Sometimes I hate being a man. It seems churlish to complain too much, of course: being a straight white man in the west is pretty much like winning the birth lottery and I have done pretty well by it, despite being lazy, stupid, ugly and unfriendly. I'm not conflicted by it, I'm cool with having a penis and a beard and a beer belly and all that, and I manage the psychic balancing act of having deep respect and admiration for my female friends and colleagues while maintaining an appreciation of a fine set of tits without too much inner strife.
No, the one big downside of being a man is other men. Other men are, by and large, a pack of colossal wankers. It's been pretty clear to me since I was old enough to notice that 99% of men are stupid, close-minded bullies, with narrow interests and little of interest to say. In the interests of fairness, it's worth pointing out that I don't necessarily have a lot of respect for most women either - I'm an equal opportunity misanthrope in most regards - but if you want to find the source of most everything that's toxic and horrible in western culture, you just have to take a look at men's magazines.
It was not always thus. There was hope for the genre for a little while when I was a young man. In the 80s, by the time Playboy had resolved its schizophrenic profile by plumping squarely for the dark side, and when men were properly cowed and shameful about the centuries of puke they'd vomitted onto the world, there were a handful of magazines that abandoned the pin up principle and began looking at the world in an interesting way. Arena and GQ are the ones I really remember, but there were a host of others that presented a vision of masculinity as something intelligent, self-confident and urbane without having to pander to the lowest common denominator.
Well, no one ever got rich doing that, did they, and so in the 90s, the shit-head arsehole man resurfaced in the shape of Loaded and Maxim. Once more, boring stuff about thick-headed sports stars, vacuous air-brushed supermodels, yobbish leisure wear, reader's girlfriends and career criminals filled the pages of the male press, and anything brave or exciting or true or interesting was driven out by the usual craven macho man shit.
A similar thing happened to comedy at the same, eloquently described by Stewart Lee in his book How I Escaped My Certain Fate:
Suddenly, sport-loving scumbags began to comprise a significant percentage of any comedy [read "magazine"] audience. I think it was Fantasy Football and the introduction of football as a subject into Alternative Comedy that ultimately destroyed the values and the unrealised artistic potential of the Alternative Comedy community which I so desperately wanted to contribute to as a teenager. Indeed, all responsibility for the collapse of the entire sixties, seventies and eighties counter-culture in Britain can probably be extrapolated from Fantasy Football and laid at the door of Baddiel and Skinner, who shared a flat, and presumably a door, at the time.Baddiel and Skinner can't take the the blame for entire change in male culture at this time, but they were certainly a symptom of the process that led directly to Nuts and Zoo. Any hope for masculinity we might have had was destroyed. Men retreated into infancy, into the comforting mediated corporate catharsis of sports, into the Oedipal obsession with big breasts, and crude, fatuous non-humour.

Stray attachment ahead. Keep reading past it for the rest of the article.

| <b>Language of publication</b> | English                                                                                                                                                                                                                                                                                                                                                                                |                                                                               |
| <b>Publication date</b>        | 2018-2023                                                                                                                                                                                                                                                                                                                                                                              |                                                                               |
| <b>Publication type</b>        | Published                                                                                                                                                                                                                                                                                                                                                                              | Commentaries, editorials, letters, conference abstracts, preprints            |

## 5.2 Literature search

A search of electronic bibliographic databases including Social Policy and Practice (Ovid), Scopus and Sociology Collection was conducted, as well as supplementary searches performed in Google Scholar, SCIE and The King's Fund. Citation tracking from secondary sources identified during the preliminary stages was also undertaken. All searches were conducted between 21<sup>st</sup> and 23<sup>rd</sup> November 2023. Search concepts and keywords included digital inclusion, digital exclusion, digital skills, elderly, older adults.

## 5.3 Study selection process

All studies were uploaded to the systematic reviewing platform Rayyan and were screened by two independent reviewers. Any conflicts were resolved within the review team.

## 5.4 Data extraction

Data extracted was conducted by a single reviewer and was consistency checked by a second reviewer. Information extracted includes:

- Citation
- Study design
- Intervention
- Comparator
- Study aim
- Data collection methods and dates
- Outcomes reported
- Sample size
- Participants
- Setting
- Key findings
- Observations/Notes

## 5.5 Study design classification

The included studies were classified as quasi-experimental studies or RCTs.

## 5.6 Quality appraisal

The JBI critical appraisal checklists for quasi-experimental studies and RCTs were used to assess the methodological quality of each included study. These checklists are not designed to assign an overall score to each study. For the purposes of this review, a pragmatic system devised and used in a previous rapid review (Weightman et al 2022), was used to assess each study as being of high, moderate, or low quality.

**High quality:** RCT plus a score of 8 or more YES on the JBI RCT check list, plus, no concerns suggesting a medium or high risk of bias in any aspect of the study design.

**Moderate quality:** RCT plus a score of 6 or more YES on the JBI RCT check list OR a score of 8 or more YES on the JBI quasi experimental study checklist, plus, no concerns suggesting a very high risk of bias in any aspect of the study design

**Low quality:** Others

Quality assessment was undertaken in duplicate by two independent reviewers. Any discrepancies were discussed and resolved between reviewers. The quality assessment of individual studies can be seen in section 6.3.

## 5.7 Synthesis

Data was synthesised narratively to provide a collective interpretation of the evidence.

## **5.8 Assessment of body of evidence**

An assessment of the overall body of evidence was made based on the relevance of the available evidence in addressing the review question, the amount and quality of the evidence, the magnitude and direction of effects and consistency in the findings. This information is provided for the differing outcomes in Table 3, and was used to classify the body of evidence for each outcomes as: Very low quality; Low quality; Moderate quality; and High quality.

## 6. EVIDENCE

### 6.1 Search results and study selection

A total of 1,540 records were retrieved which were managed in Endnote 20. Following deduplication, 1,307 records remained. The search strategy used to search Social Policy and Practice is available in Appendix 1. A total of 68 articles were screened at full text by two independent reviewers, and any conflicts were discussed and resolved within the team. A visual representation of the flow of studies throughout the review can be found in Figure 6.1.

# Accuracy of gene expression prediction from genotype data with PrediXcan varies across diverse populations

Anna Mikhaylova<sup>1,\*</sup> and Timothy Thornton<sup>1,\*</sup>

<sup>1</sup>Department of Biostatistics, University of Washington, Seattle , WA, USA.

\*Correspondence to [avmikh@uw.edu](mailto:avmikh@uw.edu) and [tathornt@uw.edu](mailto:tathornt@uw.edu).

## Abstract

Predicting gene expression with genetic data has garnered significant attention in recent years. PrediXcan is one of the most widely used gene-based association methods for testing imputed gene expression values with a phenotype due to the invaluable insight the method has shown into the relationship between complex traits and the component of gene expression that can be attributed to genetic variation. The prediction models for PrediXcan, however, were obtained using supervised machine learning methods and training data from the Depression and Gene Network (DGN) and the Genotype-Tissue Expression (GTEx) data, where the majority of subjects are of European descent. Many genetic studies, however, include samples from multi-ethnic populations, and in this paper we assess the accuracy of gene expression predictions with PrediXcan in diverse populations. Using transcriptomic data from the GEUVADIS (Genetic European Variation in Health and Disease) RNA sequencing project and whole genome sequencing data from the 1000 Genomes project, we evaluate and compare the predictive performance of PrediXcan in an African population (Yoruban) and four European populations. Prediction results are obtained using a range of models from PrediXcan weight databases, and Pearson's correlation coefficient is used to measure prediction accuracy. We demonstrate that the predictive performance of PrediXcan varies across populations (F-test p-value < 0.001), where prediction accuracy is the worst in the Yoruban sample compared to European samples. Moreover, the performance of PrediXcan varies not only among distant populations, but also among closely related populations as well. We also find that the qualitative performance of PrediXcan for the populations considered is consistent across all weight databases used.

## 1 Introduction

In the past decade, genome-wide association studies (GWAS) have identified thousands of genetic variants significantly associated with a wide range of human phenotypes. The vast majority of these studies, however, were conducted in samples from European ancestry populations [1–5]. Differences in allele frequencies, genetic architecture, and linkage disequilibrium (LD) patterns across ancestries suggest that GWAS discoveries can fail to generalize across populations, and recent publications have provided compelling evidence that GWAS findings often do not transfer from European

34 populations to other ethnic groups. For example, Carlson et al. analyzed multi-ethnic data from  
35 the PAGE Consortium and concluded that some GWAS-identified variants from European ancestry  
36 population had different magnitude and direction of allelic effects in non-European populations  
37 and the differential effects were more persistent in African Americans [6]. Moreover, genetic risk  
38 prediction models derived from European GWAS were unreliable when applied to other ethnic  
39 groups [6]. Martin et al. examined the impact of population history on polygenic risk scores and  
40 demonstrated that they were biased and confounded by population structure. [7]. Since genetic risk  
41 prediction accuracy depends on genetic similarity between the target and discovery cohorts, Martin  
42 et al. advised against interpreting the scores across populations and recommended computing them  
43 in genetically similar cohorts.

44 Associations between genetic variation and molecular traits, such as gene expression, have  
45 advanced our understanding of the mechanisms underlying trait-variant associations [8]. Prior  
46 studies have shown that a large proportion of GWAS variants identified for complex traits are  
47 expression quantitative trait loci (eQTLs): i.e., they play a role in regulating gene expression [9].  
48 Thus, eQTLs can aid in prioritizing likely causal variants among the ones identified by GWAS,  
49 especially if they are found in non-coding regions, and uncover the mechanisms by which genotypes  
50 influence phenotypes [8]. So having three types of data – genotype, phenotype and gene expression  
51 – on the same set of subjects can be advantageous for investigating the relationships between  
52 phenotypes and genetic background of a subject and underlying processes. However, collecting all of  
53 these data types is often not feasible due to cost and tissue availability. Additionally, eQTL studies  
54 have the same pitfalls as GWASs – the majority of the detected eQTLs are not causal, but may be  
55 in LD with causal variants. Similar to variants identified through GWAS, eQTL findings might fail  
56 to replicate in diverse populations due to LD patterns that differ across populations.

All of which brings us to the launch of CLiNT, the new comics magazine from Titan Publishing edited by Mark Millar.
I've discussed Millar once or twice here already. I greatly admired the first couple of volumes of The Ultimates, enjoyed Old Man Logan well enough, and Civil War ... well, I didn't think it was the complete crap that some people said, although it wasn't great, was it? On the other hand, Millar will always suffer my ire for being one of the architects of the destruction of 2000AD with his rancid Robo Hunter update and the horrendously mis-judged “Summer Offensive” (with Grant Morrison of all people!) I didn't think much of his work on The Authority, and his later volumes of The Ultimates have entirely lacked the spark that made the first ones so fresh and interesting (this is partly because the whole Ultimates concept has degraded into just another dumb supers universe, perhaps a topic for another day).
He was mentored by Grant Morrison in his early career, a writer I greatly admire (he's earned forgiveness for his part in the Summer Offensive by going on to be the best writer of super hero comics working today, including Affable Al Moore), but it's safe to say that none of Morrison's cleverness ever rubbed off on him. I think he has a good instinctual sense of story telling, and he understands what shape a story should be and what notes it ought to hit along the way, but he's basically stupid. He doesn't seem to be able to tell the difference between a good idea and a shit one, he's happy to load his usually well-structured work with clichés and tired situations that he values as much as the clever ones. When he does accidentally hit a good idea his work can be brilliant, but when he doesn't it's predictable, affectless and dull. He's kind of the Noel Gallagher of comics writing.
|Cos all ten-year old girls LOVE Karate Kid.|
|Yeah, we all know exactly what you're doing, that's the problem.|
|Phwoar, look at the size of those ballons!|
You don't get many of them to the pound, missus!
|Rex Royd begins with two security guards fighting a |
kind of lobster man...